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Can I be found guilty of a crime even though I decided not to do it after all?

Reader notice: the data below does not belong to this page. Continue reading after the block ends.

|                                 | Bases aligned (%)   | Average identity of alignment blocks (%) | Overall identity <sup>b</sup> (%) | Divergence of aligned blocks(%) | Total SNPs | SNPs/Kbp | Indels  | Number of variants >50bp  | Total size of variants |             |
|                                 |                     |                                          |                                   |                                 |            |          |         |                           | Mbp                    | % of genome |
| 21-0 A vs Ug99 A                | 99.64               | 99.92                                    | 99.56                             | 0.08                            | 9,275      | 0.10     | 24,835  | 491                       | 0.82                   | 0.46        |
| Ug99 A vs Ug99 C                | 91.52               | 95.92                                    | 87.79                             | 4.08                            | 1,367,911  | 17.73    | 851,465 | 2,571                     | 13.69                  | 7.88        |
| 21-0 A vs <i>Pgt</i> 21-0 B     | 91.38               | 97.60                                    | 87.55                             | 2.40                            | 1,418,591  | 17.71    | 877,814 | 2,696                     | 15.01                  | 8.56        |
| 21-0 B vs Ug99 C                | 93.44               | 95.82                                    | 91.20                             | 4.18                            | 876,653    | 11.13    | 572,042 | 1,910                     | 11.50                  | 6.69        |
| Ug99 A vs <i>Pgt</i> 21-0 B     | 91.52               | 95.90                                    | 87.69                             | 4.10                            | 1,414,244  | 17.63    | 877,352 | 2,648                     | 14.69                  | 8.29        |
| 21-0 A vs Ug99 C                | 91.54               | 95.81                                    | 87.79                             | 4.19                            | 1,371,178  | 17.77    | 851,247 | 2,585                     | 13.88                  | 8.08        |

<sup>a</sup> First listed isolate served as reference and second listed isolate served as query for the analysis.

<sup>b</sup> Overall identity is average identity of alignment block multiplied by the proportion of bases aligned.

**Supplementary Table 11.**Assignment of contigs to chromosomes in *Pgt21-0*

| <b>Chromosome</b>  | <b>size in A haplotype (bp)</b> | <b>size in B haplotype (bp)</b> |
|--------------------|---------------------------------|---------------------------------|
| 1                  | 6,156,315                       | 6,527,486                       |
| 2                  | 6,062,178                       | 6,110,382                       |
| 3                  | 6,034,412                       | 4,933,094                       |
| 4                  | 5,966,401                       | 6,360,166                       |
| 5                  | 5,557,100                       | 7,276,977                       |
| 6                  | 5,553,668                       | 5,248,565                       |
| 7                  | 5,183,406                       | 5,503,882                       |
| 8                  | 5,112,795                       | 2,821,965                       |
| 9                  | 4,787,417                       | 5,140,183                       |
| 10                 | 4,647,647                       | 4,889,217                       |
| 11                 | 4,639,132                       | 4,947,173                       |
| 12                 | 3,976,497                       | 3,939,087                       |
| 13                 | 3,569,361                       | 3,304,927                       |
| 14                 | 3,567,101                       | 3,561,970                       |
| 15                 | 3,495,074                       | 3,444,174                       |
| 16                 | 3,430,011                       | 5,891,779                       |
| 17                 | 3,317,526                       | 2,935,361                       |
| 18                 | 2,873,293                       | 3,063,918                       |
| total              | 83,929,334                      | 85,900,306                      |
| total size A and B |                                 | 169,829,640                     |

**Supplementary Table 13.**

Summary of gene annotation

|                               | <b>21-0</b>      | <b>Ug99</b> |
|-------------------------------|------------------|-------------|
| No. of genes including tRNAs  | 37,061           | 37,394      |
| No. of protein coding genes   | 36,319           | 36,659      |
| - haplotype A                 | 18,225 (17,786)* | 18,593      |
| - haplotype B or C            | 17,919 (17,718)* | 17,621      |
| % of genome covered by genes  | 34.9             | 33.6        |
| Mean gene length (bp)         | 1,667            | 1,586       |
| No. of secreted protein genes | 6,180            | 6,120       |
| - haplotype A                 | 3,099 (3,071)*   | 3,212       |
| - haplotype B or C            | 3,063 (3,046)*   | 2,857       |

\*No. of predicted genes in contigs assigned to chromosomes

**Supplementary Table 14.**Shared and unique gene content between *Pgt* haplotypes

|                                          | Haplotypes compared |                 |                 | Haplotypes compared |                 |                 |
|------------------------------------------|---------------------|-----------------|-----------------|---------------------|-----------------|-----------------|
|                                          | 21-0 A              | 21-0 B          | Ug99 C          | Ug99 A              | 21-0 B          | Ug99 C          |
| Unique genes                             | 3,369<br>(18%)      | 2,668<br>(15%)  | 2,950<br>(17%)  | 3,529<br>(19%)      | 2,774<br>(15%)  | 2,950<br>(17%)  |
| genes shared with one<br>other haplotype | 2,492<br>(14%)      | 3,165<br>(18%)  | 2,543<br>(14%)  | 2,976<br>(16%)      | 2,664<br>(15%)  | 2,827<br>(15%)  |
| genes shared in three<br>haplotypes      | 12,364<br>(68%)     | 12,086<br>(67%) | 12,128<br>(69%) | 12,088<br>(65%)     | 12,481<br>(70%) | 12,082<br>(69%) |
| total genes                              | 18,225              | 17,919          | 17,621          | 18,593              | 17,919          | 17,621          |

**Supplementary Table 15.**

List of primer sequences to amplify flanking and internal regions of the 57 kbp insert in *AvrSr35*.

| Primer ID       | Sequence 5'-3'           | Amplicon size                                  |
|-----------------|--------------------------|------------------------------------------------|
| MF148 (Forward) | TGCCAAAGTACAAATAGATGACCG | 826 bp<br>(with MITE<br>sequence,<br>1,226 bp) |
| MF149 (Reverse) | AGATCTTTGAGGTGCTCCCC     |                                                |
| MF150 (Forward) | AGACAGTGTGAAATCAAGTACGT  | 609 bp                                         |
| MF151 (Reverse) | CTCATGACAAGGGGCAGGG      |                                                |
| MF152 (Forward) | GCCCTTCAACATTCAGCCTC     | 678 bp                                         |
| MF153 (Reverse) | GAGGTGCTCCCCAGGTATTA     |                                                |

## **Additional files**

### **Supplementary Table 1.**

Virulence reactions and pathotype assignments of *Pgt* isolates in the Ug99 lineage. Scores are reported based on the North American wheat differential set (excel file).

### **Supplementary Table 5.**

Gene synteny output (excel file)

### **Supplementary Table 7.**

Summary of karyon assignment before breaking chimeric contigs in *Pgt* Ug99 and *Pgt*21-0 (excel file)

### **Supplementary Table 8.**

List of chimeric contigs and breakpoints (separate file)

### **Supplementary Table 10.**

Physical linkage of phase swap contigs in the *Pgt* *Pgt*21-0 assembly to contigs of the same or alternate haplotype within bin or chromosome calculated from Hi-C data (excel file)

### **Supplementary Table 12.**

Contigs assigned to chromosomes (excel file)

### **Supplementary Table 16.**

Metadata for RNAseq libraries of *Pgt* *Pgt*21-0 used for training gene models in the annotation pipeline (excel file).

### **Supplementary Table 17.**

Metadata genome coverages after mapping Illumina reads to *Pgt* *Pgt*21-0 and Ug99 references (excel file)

Yes, sometimes.  In the military there are three inchoate crimes which are “preparation crimes.”  In other words, these three crimes are designed to punish someone for taking active steps toward committing another crime. The three inchoate offenses in the military are attempt, conspiracy and solicitation.  It is a crime to attempt to commit a crime, to agree to commit a crime with other people and to advise another person to commit a crime.  These crimes are not very easy for the government to prove at a court-martial however.  In order to prove an “attempt” crime, the government must have evidence that an accused committed an act with the specific intent to commit another crime, and this act has to amount to more than mere preparation.  Likewise, just agreeing to commit a crime with another is not enough to prove “conspiracy” at a court-martial.  For conspiracy, the government has to show that one of the persons (could be a person other than the accused) in the agreement acted in some way to further the agreement.  Finally, like “attempt” and “conspiracy,” proving “solicitation” often requires a specific act.  These types of crimes are often debated in appellate courts.  This is because they are tricky.  For example, the Court of Appeals for the Armed Forces (CAAF) has agreed to hear an appellate argument on October 8, 2013 in United States v. Payne, regarding whether the military judge provided the correct instructions to a military panel for an alleged “attempt” to entice a minor to create child pornography.  This will not be the first time that appellate courts have debated the validity of an “attempt” crime.  As stated before, these inchoate crimes are tough for the government to prove and if proven there may be appellate issues wrapped up in the finding of guilty.  If you are facing one of these preparation crimes at a court-martial or are looking to appeal one, you need someone who has experience with them.  Likewise, if you are facing a court-martial for any crime, you need a strong, experienced advocate by your side.  To speak to an experienced court-martial and military defense attorney, call Bill Cassara at 706-860-5769 for a free consultation.

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